by Miles Kemplay, Children’s Investment Fund Foundation @CIFFchild
For the last five years, the Children’s Investment Fund Foundation (CIFF) has invested in improving the sexual and reproductive health and rights (SRHR) of young people.
During this time, we have spent over US$220 million to prevent unplanned pregnancies, unsafe abortions, HIV, sexually transmitted infections and sexual violence among adolescents and young people, often through co-funded programs with other foundations and governments.
We have always been biased toward approaches and interventions that rapidly shift power away from those that have power—the funders, politicians, policymakers, implementers and service providers—and place it firmly in the hands of consumers seeking SRHR information, choices and services.
Self-care in healthcare is one of the most powerful ways to make this power shift a reality. It creates a real opportunity for philanthropy to accelerate progress toward universal access to SRHR. It is not a new idea, and certain services already offer such options: pregnancy test kits, a daily pill to prevent pregnancy (and now HIV) or an easy self-test to know your HIV status.
But these choices are now becoming increasingly popular for several reasons:
- There are some fundamental flaws in service delivery norms: provider bias and stigma are well known. Stigma is malicious toward those who could stand to benefit the most from self-care; less overt is the over-medicalization and gating of information and tools. We know that people only spend a fraction of the time considering their healthcare in a facility, yet that is the focus of most donor investment.
- The health system has weaknesses. Stock outs jeopardize our commitment to choice. Current gaps in recruitment and investment in infrastructure mean that hundreds of millions of people continue to lack access to basic healthcare, and millions more are disgruntled with the health services available.
- SRHR is uniquely personal by nature, and demands increasingly tailored care designed around the individual, with information and tools accessible at moments that matter, often well before an individual enters a clinic or pharmacy.
To date, our focus has been on the market dynamics underpinning self-care product innovations. For example, our work to dramatically reduce prices has allowed markets to procure millions of self-injectable contraceptives and HIV self-tests per year; our commitment to competition and supplier diversity is encouraging new, high-volume manufacturers to enter the market; we have supported research and development (with a five-year horizon) to bring new tools to market, such as peri-coital choices and a new dual-product that combines pre-exposure prophylaxis with a daily contraceptive pill.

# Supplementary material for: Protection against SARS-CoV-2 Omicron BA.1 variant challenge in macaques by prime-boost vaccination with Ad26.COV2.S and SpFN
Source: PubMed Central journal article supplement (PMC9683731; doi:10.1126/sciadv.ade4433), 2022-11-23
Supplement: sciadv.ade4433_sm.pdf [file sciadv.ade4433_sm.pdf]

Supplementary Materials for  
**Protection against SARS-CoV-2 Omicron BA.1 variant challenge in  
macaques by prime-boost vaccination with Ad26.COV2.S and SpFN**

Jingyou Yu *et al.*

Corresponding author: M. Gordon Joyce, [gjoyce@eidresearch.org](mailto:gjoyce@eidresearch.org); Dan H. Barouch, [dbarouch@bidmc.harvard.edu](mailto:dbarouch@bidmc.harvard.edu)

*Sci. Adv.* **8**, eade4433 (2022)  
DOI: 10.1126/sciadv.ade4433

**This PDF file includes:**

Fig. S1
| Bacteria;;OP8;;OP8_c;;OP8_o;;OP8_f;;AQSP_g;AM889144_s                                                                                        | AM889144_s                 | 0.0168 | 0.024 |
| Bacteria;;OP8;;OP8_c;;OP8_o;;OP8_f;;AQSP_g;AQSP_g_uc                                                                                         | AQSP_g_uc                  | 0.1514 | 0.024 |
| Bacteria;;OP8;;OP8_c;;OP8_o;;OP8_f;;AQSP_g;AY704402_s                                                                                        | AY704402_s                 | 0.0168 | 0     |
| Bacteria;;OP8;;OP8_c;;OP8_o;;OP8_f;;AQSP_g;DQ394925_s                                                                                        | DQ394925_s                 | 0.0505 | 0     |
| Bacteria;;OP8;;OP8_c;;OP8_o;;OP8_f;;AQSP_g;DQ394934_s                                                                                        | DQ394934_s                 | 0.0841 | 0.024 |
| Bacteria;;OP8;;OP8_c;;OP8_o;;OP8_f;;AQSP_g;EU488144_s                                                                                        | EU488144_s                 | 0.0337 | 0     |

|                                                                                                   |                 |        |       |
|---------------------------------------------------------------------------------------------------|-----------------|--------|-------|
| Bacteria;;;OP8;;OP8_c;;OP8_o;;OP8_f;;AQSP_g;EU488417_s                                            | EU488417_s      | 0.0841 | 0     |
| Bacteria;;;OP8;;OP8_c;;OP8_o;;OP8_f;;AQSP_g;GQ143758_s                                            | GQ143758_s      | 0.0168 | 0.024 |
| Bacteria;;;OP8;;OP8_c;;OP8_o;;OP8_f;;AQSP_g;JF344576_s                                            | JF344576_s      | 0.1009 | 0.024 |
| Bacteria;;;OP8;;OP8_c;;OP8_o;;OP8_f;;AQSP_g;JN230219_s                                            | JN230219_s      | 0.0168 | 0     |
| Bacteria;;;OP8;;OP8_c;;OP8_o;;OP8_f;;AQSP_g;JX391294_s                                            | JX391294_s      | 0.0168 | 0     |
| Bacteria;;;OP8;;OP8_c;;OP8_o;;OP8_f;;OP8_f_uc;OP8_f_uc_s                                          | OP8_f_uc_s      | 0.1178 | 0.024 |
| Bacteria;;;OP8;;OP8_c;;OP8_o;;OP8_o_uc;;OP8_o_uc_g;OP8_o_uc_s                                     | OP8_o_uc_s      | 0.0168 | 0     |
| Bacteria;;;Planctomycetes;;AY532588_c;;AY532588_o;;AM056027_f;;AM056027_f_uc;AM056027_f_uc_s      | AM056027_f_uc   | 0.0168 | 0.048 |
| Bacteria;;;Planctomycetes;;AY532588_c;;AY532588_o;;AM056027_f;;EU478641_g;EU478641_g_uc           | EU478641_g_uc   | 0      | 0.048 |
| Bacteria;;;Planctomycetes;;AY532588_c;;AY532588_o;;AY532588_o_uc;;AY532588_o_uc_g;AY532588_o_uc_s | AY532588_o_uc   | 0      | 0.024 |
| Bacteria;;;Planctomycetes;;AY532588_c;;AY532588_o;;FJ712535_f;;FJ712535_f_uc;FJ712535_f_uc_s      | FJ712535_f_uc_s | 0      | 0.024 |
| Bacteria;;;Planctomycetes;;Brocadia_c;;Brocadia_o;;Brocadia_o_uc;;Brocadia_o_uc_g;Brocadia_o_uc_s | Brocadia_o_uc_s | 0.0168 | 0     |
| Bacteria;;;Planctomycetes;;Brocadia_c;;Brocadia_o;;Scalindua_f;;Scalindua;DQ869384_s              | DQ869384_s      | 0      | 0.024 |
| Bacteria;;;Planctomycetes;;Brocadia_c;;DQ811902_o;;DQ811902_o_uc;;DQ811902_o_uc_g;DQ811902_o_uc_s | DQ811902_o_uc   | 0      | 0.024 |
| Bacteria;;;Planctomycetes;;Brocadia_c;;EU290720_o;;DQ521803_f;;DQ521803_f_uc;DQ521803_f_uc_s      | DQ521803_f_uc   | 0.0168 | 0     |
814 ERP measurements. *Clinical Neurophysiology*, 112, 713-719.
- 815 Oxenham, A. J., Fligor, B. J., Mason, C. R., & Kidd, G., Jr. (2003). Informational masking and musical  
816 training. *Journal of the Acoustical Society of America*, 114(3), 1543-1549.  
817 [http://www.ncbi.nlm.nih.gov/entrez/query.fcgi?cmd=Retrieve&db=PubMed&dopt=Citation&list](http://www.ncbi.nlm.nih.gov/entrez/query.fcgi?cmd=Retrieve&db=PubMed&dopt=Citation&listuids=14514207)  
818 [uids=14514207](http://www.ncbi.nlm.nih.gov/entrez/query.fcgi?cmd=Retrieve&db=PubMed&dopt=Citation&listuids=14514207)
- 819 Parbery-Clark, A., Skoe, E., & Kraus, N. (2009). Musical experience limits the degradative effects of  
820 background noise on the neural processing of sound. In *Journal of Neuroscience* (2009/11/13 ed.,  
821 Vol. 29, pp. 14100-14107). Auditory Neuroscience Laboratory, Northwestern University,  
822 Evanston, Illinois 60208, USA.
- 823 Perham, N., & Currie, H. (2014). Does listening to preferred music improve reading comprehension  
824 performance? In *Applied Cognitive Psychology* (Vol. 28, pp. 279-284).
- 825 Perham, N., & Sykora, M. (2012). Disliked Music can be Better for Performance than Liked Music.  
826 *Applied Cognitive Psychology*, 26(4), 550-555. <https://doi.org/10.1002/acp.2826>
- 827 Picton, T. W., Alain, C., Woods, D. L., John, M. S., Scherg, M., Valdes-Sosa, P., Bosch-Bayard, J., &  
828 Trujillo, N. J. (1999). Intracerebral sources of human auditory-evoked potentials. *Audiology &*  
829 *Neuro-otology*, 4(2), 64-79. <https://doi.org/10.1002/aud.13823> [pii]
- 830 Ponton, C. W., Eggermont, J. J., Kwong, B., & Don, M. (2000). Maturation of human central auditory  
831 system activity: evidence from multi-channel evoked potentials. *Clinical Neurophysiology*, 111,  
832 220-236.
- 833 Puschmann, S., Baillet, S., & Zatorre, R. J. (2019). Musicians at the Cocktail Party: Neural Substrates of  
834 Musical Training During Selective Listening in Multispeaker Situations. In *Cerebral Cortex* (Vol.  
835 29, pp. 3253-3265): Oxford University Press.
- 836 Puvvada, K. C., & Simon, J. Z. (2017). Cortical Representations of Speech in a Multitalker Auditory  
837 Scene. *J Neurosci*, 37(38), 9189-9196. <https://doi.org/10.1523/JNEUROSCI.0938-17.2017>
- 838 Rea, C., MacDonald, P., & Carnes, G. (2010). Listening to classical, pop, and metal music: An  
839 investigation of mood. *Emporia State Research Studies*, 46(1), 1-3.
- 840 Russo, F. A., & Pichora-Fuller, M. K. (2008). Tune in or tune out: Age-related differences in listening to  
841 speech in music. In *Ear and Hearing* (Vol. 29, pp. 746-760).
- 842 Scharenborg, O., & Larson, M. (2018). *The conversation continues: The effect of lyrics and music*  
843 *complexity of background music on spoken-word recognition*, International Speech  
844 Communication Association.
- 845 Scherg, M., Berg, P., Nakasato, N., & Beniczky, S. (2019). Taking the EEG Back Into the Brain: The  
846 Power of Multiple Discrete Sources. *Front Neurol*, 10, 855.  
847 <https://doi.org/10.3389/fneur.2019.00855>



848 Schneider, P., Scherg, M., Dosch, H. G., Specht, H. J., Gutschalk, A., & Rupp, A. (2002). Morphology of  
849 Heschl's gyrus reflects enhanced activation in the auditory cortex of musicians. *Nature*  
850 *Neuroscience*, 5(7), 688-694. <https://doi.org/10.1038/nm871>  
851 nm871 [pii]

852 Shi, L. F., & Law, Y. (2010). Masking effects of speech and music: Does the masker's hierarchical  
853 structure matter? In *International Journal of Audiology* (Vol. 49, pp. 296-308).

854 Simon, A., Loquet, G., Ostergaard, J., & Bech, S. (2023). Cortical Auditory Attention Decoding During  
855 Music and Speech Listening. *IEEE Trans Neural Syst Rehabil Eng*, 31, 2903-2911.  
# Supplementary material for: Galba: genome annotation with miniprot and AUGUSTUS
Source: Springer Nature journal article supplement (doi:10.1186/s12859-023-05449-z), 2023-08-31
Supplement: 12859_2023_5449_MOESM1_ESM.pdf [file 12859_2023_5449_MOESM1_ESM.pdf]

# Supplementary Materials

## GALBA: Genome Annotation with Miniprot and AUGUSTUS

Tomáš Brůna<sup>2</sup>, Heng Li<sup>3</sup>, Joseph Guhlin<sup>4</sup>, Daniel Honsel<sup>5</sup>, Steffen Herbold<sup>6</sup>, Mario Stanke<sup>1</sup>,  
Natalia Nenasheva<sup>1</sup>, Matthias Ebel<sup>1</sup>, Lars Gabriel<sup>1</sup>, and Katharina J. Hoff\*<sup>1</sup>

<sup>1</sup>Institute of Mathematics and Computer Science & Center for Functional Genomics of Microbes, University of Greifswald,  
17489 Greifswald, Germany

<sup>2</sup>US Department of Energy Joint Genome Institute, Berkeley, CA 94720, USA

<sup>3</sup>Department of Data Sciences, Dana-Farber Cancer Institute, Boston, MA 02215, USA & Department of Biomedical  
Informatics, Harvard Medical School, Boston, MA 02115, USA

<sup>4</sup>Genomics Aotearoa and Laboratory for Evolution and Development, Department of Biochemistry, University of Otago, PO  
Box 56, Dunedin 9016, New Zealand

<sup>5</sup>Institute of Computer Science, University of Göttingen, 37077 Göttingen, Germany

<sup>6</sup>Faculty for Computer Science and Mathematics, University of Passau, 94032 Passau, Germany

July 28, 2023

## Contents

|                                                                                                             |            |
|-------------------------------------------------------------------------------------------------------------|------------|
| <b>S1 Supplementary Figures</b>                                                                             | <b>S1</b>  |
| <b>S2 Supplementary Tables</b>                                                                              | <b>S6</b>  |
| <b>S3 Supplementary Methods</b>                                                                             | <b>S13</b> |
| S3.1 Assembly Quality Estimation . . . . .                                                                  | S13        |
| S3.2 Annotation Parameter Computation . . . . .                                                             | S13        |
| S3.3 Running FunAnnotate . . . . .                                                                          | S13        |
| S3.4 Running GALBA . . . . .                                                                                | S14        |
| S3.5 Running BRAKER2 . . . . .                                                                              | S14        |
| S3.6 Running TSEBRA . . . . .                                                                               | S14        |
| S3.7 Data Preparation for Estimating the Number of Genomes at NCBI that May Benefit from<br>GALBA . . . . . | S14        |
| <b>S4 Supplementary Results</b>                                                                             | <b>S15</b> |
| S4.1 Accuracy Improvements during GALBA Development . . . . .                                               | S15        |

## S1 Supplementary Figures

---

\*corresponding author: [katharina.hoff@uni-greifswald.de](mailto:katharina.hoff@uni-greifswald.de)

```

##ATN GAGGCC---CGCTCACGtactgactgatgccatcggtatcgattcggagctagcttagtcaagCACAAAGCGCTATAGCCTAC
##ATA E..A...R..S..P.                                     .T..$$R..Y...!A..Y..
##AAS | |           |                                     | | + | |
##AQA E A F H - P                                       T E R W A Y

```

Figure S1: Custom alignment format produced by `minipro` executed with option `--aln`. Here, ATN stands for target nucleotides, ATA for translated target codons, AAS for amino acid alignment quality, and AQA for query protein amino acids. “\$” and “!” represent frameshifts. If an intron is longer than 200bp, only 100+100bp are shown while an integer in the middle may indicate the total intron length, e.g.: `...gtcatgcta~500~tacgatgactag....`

This large-scale work—with impacts in dozens of countries— has been coupled with more discrete investments to better understand consumer decision-making and use human-centered design to reimagine how user-controlled contraception, medical abortion and HIV self-testing could be delivered. We are learning from hundreds of thousands of self-care users, early adopters, far-sighted policymakers, and pioneers like SH:24, iwantPrEPnow, In Their Hands and Population Services Kenya’s Be Self Sure.
“My colleagues and I at the Hewlett Foundation are excited about the exploration into self-care that we are seeing among some of our partners. True innovation in service delivery, which is needed to expand access to birth control and safe abortion, may mean getting out of the service delivery mindset altogether.”
-Ruth Levine, Director, Global Development and Population Program, William and Flora Hewlett Foundation
Moving forward we know we must do far more, in partnership with others, to realize this transformation in healthcare delivery. Our biggest shift has been to accelerate the policy and research underpinning this work, through our partnership with the World Health Organization on the first integrated global guidelines for self-care in SRHR. In partnership with the William and Flora Hewlett Foundation, we co-fund the Self-Care Trailblazers Group, an advocacy initiative designed to buttress global and local leaders from multiple fields who are leading efforts to establish a movement, strengthen evidence and unify voices.
A greater opportunity lies in using self-care to demonstrate our shift in values toward genuine people-centered care. Self-care can break through the rigidities in our sector that permit silos and stifle informed choice. The recent British Medical Journal series on self-care nicely outlines how to plan for unintended consequences, address risks and make self-care a critical part of informed choice.
What worries us is that institutional blockages can inhibit innovation. We have deep partnerships with fantastic organizations across the SRHR landscape that we will continue to work with to embed this shift. Equally as important, self-care is an opportunity to reduce barriers to entry for new players and partners, where philanthropy and a diversity of funding tools can be particularly useful.
One day it will be second nature to use an app to understand your fertility, to pick up a test for sexually transmitted infections from your local pharmacy or to order a self-injectable contraceptive online. Self-care means putting power in the hands of girls and women. It’s happening now, and it’s time to get onboard.
This article appears in PSI’s Impact magazine, released in tandem with Women Deliver 2019, as part of an ongoing conversation about putting #PowerInHerHands.
Banner Image: © Unitaid/Eric Gauss